Absolutely stupendous work Taash, jesters Kashka and Piff, Bargah the witch, Lea, and Doro (and Nanalia). Evil may never be entirely slain, yet between the lot of you I doubt good King Aciam and Queen Ekama will need worry overmuch.

Monday, April 6, 2020

RuneScape's New Skill: Archaeology

"Dig deeper...war is coming."
Why am I still a proud player of RuneScape? Because of the game's book-worthy and more than unique story. I have posted about RuneScape in the past, such as when I completed the Myreque quest series, but this update is so very special indeed because it is an entire Skill, equal to others like Mining and Magic, yet dedicated 100% to story, to the incredibly intricate and undeniably rich history of the land of Gielinor. This past week I delved lost Zarosian fortress of Kharid-et to see how it fell at the dawn of the Third Age, then travel to Everlight to investigate the risen hope of the fallen realm of Hallowvale. I avoid the Infernal Source as I care little for Demonic Cults nor the promised power that comes from summoning them indeed I have spent half my life crushing such and similar Zamorakian things on various Quests and have not yet reached the level to ascend to the heights of Stormguard Citadel nor descend into the Warforge to see an old cave goblin friend. The lovely thing is that this fits right itnto the game because archaeology was and in a integral part of so many Quests. What mysteries lie below? What ancient powers both good and ill must we face or befriend? What puzzles lost to the ages must be solved in order to face what lies ahead or untangle a very modern mystery? Such is the glory of the game, to quote it, "RuneScape's quests are its pride and joy. No 'Kill 10 boars' here - each one is a hand-crafted slice of story." Nor am I the only one who agrees for, a full week now into the Skill, each Dig Site is as packed as it was on the day or release. Each player digging deeper.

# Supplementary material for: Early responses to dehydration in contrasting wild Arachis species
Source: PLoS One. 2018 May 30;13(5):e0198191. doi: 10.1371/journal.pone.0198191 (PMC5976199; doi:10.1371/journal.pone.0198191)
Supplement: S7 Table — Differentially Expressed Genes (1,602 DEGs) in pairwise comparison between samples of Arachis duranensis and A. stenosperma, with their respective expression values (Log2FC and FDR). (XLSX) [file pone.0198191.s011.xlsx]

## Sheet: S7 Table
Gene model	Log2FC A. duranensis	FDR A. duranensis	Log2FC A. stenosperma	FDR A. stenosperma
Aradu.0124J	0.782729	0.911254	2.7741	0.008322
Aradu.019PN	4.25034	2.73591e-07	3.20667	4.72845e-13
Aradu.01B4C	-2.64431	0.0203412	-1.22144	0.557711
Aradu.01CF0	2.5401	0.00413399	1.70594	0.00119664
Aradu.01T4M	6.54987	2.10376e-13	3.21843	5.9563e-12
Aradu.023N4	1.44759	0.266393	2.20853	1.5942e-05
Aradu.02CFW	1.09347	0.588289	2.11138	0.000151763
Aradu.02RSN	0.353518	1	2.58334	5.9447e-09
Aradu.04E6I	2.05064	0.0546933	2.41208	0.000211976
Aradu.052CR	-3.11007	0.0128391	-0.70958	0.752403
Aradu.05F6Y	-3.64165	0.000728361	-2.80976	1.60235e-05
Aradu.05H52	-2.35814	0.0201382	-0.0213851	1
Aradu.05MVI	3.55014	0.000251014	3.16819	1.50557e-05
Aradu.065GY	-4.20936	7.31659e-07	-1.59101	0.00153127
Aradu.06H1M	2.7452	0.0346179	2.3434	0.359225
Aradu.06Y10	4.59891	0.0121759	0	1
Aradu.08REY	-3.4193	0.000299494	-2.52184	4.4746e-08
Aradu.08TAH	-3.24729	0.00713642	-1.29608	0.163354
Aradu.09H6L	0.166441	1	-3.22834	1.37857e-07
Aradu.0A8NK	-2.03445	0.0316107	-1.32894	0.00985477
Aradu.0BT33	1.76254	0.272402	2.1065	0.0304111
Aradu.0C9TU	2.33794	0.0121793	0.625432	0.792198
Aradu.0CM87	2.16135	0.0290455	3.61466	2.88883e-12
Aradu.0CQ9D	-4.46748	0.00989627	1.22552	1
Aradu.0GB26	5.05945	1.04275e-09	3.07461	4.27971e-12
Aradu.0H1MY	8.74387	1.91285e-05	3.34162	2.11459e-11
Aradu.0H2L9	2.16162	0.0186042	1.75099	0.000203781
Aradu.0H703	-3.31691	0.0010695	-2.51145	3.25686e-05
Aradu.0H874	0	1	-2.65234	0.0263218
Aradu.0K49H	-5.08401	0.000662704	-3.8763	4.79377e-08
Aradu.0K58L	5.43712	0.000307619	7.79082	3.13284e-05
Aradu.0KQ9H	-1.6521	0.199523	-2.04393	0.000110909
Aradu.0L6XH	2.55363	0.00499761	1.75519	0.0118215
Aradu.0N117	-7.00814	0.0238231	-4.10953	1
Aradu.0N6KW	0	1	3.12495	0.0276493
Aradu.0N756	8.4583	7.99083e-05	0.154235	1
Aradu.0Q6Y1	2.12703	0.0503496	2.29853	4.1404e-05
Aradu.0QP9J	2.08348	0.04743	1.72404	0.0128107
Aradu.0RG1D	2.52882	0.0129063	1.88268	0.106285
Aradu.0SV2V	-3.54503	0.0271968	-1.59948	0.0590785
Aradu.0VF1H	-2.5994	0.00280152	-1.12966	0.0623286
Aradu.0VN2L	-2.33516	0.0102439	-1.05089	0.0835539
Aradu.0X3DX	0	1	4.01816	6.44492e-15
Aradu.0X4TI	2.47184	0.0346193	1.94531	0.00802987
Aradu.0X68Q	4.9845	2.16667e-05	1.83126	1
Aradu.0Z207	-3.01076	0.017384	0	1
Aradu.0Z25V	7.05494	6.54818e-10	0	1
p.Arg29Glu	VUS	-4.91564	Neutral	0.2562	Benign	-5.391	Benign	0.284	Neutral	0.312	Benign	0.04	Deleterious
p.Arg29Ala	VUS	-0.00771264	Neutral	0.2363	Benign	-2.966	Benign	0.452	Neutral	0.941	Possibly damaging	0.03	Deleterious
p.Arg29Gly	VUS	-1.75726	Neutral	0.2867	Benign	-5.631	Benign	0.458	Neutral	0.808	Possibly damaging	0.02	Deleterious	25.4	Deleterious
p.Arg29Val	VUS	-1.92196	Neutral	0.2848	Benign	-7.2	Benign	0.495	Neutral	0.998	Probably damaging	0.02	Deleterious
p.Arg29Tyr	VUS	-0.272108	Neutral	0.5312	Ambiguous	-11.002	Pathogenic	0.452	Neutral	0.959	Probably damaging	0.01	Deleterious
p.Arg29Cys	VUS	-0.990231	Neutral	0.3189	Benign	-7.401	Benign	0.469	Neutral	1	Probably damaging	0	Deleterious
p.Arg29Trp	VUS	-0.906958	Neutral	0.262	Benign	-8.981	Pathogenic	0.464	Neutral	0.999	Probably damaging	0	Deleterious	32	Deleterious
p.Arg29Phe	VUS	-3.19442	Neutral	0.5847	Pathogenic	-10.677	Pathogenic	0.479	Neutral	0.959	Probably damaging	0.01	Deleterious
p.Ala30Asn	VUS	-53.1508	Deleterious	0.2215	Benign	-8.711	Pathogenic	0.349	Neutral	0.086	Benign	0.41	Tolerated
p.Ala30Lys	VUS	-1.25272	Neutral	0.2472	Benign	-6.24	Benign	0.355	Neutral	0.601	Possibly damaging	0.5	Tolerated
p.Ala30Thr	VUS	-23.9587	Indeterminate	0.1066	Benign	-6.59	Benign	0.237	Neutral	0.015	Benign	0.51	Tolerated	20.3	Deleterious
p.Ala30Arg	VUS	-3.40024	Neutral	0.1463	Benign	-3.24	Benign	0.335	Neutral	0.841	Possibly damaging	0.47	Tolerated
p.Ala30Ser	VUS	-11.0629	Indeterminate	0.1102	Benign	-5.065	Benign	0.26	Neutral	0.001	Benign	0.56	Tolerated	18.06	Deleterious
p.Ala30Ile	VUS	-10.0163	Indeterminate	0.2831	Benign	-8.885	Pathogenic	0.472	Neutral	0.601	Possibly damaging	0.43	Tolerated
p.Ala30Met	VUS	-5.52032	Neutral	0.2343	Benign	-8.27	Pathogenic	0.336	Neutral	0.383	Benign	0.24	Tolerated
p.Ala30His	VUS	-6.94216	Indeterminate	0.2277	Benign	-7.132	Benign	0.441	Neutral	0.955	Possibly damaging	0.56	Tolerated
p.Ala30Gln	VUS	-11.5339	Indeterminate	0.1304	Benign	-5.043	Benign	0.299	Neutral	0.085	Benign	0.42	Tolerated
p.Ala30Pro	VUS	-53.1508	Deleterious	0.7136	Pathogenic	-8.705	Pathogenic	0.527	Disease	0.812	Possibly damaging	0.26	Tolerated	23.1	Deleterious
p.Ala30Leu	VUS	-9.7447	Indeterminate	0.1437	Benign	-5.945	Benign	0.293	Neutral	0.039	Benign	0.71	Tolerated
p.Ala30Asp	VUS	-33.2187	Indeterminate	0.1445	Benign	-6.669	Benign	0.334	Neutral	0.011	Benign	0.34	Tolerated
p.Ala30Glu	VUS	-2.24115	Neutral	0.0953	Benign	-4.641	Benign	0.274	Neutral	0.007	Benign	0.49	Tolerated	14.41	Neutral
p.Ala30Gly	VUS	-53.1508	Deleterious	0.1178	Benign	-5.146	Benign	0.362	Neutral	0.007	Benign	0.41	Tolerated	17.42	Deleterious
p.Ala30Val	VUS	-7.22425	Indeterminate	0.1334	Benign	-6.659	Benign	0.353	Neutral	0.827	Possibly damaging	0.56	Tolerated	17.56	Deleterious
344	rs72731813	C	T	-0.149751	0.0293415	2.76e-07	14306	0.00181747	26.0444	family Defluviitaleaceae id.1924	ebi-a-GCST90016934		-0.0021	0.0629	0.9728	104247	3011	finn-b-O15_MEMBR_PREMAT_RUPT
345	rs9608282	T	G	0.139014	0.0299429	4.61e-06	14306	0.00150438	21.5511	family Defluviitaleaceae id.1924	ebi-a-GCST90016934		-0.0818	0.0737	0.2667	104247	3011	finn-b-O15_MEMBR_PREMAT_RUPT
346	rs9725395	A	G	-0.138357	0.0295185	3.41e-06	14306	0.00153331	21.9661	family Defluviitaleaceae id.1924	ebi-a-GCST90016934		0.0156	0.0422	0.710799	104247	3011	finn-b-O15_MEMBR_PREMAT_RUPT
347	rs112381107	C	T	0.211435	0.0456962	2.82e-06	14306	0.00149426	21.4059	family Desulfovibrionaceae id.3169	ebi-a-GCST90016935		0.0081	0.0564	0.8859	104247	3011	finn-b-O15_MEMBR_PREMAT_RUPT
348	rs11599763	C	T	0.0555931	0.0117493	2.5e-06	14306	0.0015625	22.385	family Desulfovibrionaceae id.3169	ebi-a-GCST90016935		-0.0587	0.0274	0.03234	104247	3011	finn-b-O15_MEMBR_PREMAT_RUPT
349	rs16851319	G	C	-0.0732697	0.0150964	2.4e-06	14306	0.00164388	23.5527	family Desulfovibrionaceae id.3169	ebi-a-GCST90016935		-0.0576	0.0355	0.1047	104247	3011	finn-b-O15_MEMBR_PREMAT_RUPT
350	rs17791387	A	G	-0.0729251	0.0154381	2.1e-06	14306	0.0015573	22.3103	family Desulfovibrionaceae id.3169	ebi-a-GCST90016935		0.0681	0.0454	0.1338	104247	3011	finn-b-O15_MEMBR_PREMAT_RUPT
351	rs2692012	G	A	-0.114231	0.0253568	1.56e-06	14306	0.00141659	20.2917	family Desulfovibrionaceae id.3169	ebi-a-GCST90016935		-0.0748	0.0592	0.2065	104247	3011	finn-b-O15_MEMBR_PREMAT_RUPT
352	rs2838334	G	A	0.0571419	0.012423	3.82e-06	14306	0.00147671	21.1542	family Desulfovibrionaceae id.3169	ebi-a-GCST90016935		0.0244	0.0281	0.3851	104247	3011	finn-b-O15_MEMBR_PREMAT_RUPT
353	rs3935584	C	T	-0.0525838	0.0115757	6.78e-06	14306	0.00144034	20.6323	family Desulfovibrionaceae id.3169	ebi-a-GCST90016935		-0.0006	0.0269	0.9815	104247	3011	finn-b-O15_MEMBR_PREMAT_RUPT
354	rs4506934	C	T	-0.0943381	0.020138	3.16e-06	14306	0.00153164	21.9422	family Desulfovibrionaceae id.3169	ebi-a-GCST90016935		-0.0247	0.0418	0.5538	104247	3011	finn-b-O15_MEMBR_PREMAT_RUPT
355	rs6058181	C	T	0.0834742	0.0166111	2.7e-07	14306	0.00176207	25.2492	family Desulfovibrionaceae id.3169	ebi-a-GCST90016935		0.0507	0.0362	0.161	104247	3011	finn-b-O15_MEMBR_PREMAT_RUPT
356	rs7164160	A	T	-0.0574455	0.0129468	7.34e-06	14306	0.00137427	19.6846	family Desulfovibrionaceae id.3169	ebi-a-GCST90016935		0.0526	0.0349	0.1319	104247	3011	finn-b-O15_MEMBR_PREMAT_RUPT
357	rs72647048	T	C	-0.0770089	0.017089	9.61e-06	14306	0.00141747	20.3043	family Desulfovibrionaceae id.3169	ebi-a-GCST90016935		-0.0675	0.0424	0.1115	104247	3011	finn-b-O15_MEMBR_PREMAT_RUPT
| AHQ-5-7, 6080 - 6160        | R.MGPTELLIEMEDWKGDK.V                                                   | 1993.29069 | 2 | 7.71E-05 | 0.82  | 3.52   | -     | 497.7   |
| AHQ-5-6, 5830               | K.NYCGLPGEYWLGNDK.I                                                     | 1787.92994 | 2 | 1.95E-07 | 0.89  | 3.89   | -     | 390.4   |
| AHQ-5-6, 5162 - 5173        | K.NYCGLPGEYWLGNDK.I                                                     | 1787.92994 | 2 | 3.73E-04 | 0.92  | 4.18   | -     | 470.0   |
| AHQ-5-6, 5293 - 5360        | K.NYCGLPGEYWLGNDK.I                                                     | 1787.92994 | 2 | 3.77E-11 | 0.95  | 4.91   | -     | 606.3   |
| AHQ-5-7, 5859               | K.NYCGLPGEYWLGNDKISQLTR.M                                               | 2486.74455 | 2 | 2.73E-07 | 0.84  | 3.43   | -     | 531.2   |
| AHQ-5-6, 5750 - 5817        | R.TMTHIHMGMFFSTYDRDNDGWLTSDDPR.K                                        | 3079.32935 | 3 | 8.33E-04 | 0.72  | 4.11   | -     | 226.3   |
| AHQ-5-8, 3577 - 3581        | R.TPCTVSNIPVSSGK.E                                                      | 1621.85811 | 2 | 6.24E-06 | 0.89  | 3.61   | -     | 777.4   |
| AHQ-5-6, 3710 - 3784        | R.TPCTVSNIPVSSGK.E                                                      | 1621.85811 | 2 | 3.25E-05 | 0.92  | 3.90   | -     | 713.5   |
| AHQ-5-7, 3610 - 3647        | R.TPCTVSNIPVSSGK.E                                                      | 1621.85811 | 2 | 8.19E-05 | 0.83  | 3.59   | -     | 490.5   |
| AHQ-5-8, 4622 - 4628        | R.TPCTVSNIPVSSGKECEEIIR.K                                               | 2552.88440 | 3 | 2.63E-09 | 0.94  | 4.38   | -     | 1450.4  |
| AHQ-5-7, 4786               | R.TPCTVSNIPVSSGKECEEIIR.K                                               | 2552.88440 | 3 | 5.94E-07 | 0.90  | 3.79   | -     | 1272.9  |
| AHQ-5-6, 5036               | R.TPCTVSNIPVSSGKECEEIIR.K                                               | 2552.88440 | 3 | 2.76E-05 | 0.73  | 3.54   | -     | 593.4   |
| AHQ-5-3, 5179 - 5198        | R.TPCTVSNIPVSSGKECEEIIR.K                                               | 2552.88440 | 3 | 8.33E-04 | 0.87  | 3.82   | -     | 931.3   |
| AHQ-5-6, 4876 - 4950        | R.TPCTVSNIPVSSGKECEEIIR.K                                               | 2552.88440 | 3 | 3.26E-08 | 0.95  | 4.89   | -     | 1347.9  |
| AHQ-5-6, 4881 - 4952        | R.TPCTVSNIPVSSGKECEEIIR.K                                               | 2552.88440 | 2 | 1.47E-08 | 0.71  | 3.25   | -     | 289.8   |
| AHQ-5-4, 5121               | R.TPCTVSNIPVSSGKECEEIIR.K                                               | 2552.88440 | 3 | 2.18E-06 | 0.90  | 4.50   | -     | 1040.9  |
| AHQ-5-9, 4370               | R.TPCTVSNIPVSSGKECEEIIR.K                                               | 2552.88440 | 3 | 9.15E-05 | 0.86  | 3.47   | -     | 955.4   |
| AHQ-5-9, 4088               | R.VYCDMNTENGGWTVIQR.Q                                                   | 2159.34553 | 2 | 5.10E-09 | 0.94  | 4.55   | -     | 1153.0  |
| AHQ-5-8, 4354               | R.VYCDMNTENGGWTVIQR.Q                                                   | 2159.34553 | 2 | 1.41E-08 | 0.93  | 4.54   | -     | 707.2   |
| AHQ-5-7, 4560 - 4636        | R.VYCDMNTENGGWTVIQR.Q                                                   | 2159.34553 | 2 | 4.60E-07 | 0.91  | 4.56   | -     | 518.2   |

Wednesday, April 1, 2020

Escapism in the Coronavirus Crisis

Sometimes I am asked where in Tolkien's Middle-earth,
or any Fantasy world for that matter, I would like live.
Naturally barring worlds of my own creation,
I think the answer would be Dol Amroth in southern Gondor.
As a rule I have always abstained from commenting on current real-world events here on Stars Uncounted unless I can relate them to Fantasy literature in some manner, so with this post I acknowledge the Coronavirus Pandemic that has quite literally shut the world down. The anxiety is real. Social-distancing requirements keep us at least six feet apart from those not in our household and many are buying enough food and medical supplies (such as masks and toilet paper) to withstand a siege; and even then all groceries must be wiped down, and we can forget about ordering take-out all together. People are fearful and with reason, the anxiety literally making some people sick (though not with COVID-19).